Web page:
TITLE: President, Global Development
FUNDING AREAS: Agricultural development; financial services for the poor; family planning, maternal, newborn and child health; vaccine delivery; water, sanitation and hygiene; and special initiatives
IP TAKE: A doctor by training, Elias has spent his career at the intersection of health and economic development. At Gates, Elias oversees roughly $600 million for global development programming annually. Elias and his team make large grants with the capacity to transform health and financial well-being in some of the world's most impoverished communities.
PROFILE: Chris Elias leads the Bill & Melinda Gates Foundation's work in international development, making him one of the most moneyed program presidents in all of philanthropy. Gates' global development division alone makes about $600 million in grants per year, more than the entire annual giving at some of the country's largest foundations. Elias' portfolio is broad in scope, and includes projects in the areas of agricultural development; family planning; financial services for the poor; maternal, newborn, and child health; vaccines; and water, sanitation, and hygiene.
Elias came to Gates in 2011 after more than a decade running PATH, the Seattle-based global health NGO, so he's familiar with overseeing multi-million dollar budgets and international operations. But Elias got his start in public health as a young doctor at a refugee camp on the border between Thailand and Cambodia. While working in a clinic with dirt floors and no electricity, Elias came to the realization that so many health problems he encountered on a daily basis— diarrhea, malnutrition, etc.— were the result of poverty, poor sanitation, political oppression, and other non-medical phenomena greater than anything a single doctor could treat, stating:
I sensed that poverty, poor water and sanitation, the absence of human rights protection, and lack of meaningful livelihoods were much more powerful determinants of health and illness than what I could do in the clinic.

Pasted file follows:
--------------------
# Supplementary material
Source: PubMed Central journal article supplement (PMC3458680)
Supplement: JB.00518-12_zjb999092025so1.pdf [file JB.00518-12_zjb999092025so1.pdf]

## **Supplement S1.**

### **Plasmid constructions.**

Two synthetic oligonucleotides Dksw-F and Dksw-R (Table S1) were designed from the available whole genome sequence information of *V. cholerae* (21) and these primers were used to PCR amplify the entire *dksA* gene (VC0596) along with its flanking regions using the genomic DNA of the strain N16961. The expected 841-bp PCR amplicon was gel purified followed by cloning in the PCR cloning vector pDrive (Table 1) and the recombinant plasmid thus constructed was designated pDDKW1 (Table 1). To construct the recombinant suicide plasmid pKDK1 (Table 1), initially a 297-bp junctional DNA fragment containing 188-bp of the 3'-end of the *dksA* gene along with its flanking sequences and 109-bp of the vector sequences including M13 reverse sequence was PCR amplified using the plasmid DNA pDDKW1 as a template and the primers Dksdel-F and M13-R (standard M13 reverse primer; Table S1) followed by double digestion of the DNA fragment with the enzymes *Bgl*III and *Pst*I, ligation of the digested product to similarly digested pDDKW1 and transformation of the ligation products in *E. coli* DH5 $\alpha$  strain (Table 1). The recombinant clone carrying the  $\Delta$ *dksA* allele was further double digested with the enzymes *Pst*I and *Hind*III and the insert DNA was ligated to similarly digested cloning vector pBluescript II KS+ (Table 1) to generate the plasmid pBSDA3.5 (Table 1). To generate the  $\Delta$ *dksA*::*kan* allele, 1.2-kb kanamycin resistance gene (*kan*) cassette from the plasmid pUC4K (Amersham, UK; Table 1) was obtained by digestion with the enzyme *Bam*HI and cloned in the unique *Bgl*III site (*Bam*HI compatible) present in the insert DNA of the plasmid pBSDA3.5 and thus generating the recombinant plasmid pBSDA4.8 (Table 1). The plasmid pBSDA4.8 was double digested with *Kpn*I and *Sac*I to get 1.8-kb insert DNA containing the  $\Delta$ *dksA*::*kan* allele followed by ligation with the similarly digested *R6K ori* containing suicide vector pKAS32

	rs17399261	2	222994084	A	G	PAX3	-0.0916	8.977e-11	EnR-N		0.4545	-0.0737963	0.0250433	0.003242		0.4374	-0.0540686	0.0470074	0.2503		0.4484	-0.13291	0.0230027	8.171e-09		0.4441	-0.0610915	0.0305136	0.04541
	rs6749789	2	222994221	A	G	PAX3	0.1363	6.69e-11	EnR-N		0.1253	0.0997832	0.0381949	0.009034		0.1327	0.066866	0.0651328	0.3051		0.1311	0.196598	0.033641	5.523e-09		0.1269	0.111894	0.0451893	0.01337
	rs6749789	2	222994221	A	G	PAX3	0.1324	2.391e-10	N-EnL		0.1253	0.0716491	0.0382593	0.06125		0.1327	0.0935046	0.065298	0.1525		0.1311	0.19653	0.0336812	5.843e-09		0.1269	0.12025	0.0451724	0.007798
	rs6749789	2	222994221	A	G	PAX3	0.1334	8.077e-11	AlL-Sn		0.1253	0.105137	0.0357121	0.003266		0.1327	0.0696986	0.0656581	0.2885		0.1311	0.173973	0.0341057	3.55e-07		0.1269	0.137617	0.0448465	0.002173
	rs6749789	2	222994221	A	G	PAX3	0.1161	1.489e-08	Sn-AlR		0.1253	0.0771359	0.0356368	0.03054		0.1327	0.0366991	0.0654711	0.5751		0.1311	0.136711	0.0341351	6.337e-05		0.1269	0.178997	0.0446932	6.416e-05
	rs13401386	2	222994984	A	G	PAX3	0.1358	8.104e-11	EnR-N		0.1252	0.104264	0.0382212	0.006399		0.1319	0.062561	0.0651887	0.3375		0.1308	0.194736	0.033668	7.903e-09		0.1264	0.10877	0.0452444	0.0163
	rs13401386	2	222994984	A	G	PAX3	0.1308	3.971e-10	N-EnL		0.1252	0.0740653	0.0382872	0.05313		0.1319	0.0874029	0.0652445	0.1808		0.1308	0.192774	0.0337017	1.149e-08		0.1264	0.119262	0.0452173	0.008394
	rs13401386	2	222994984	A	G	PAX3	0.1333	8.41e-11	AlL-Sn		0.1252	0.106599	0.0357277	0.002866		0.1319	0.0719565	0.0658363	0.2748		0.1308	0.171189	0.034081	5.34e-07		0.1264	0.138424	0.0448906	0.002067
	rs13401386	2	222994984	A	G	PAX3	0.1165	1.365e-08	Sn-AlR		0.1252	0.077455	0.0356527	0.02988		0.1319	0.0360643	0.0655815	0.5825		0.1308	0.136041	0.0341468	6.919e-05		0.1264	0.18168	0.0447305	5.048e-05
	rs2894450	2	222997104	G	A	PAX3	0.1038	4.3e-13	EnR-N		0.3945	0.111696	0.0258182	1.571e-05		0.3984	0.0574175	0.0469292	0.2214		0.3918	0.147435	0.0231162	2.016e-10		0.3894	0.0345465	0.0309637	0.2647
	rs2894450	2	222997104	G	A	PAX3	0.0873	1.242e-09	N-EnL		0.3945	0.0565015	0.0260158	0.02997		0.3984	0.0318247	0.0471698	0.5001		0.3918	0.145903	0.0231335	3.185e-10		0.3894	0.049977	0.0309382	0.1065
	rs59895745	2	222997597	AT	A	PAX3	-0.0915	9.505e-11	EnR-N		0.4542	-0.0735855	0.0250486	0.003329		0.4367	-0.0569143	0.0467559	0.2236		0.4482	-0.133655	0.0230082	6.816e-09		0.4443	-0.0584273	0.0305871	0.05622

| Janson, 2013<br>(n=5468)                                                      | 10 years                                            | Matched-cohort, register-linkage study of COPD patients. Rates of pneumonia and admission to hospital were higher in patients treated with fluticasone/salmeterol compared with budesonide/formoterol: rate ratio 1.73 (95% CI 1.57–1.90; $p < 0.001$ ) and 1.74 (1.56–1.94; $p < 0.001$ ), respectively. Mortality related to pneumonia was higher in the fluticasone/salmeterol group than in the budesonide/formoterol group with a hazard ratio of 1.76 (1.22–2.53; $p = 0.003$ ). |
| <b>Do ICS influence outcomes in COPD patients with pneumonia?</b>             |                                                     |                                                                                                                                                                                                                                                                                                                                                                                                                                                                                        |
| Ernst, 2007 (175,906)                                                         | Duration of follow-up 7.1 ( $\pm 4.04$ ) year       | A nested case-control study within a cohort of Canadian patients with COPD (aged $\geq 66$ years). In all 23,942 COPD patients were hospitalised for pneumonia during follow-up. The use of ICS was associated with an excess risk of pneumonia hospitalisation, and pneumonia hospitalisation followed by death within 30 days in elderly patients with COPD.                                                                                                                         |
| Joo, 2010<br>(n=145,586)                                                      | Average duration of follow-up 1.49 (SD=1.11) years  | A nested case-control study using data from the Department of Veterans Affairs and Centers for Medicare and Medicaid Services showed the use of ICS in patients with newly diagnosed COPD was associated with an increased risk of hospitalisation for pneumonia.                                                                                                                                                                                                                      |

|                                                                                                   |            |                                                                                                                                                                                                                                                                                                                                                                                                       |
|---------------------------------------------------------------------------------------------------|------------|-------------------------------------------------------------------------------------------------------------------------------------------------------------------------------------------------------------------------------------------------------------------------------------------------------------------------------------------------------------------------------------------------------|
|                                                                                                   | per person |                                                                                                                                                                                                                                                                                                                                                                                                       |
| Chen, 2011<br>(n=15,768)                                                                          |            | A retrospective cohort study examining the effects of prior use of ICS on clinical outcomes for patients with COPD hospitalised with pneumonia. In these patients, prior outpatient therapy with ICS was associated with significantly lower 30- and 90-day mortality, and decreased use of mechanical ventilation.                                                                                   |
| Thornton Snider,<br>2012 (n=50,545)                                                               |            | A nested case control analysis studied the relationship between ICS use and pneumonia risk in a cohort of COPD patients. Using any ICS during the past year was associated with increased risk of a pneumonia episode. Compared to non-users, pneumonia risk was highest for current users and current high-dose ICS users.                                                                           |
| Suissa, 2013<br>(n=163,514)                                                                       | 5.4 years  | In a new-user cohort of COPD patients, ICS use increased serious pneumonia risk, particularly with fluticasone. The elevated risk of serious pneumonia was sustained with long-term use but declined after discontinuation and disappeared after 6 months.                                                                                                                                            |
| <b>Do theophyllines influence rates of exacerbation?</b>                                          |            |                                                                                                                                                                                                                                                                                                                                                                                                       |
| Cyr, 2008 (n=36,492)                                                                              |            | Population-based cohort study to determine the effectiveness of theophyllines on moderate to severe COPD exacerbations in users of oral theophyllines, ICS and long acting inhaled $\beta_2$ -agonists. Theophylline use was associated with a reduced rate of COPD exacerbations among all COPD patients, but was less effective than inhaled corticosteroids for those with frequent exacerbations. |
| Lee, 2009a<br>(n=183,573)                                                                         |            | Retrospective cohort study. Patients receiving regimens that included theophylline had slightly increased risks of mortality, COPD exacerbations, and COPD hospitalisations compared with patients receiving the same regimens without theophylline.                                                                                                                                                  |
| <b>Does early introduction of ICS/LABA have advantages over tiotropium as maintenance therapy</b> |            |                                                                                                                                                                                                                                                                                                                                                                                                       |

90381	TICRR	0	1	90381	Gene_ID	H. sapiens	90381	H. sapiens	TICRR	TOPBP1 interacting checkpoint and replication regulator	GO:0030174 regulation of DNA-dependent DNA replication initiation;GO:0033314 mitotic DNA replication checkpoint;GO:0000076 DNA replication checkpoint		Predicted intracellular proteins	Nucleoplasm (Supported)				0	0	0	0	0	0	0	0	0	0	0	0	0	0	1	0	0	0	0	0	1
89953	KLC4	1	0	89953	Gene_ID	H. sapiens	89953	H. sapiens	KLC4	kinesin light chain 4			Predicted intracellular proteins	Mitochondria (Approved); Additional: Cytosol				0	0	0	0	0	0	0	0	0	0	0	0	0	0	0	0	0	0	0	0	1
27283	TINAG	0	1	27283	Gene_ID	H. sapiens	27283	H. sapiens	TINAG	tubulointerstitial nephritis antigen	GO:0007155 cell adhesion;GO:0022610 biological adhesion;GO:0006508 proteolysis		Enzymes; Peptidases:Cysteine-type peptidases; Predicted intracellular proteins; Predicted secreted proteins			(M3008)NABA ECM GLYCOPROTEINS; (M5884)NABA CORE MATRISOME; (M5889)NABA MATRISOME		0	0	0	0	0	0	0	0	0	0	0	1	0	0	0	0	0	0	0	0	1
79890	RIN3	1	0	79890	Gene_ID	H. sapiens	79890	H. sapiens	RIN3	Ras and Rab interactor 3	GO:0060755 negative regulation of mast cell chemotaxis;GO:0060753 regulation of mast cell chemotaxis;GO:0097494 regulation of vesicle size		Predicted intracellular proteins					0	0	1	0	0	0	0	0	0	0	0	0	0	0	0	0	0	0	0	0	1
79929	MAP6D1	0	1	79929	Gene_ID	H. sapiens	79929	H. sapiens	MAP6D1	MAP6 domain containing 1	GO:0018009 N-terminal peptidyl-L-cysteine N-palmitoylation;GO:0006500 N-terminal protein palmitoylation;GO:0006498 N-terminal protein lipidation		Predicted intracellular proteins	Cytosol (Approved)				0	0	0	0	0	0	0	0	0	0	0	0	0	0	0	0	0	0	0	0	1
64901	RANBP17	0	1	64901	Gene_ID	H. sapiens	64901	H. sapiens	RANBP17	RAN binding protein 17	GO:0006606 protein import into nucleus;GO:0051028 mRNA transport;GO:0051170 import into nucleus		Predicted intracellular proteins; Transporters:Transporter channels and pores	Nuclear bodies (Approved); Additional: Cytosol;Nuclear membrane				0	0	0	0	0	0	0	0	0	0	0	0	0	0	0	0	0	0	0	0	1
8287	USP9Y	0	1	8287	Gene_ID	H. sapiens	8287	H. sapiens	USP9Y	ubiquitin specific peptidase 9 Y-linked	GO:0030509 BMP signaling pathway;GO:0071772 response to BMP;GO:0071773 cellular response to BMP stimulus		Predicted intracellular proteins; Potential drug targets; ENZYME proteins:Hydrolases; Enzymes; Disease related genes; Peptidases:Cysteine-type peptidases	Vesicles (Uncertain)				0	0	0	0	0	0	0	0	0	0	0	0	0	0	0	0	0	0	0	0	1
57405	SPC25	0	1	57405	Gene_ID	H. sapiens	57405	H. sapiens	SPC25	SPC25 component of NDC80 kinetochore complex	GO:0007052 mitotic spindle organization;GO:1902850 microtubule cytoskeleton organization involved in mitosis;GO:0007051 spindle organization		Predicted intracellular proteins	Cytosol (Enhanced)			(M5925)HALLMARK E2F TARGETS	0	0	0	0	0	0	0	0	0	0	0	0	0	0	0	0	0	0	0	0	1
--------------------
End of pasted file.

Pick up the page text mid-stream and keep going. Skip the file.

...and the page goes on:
Elias returned to the United States to study public health, focusing on the socio-economic and policy issues that contribute to disease and poverty, rather than on simply the treatment of illness, enrolling at at the University of Washington in Seattle, the school where he is now a professor in its Department of Global Health. Elias devoted decades of his post-grad school career to combating healthcare inequities and addressing their underlying causes in underserved communities in the United States and around the world. All of which eventually led Elias to Gates, that massive international foundation whose assets rival the GDPs of many of the world's countries.
Elias and his team make hundreds of international development grants every year, many of them worth more than $1 million. Gates sets a few geographic restrictions for investment, but Elias stresses that he's most interested in work that will help the poorest people and "innovation that will save lives," a recurring message in his occasional blog posts for Impatient Optimists, the foundation's blog. In one blog post, Elias shared what he believes are the most important inventions since the wheel— "important" because they've led to the greatest good for impoverished and marginalized populations: vaccinations, sanitation systems, the birth control pill, and the Green Revolution. Indeed, these four concepts are recurring themes in Gates' development grantmaking under Elias. The foundation puts immense resources toward making the global economy more equitable through disease prevention, clean water, reproductive health, and agricultural science initiatives.
For a clearer idea of what Gates Foundation grants look like, some recent international development investments include:
- $5 million over 38 months, to the University of Science and Technology Beijing for sanitation technology and infrastructure improvement work in impoverished communities in Africa and Asia.
- $2.9 million over 8 months, to Family Health International for clinical trials of contraceptive products with potential to better serve women in the developing world.
- $1.3 million over 21 months to Yale University for the development of cereal seeds that will improve yields and productivity for small-scale farmers in Africa and South Asia.
The foundation has plenty of resources, but the scope of need in the world is so great that even Gates has to be selective about what projects it funds. So it tends to coach prospective grantees through the application process, rather than filter through unsolicited proposals. Pretty much any NGO can contact Gates about support at any time, and the foundation will invite letters of inquiry from promising organizations and collaborate on proposal development where appropriate. But Gates also regularly posts calls for letters of inquiry in target issue areas on its website.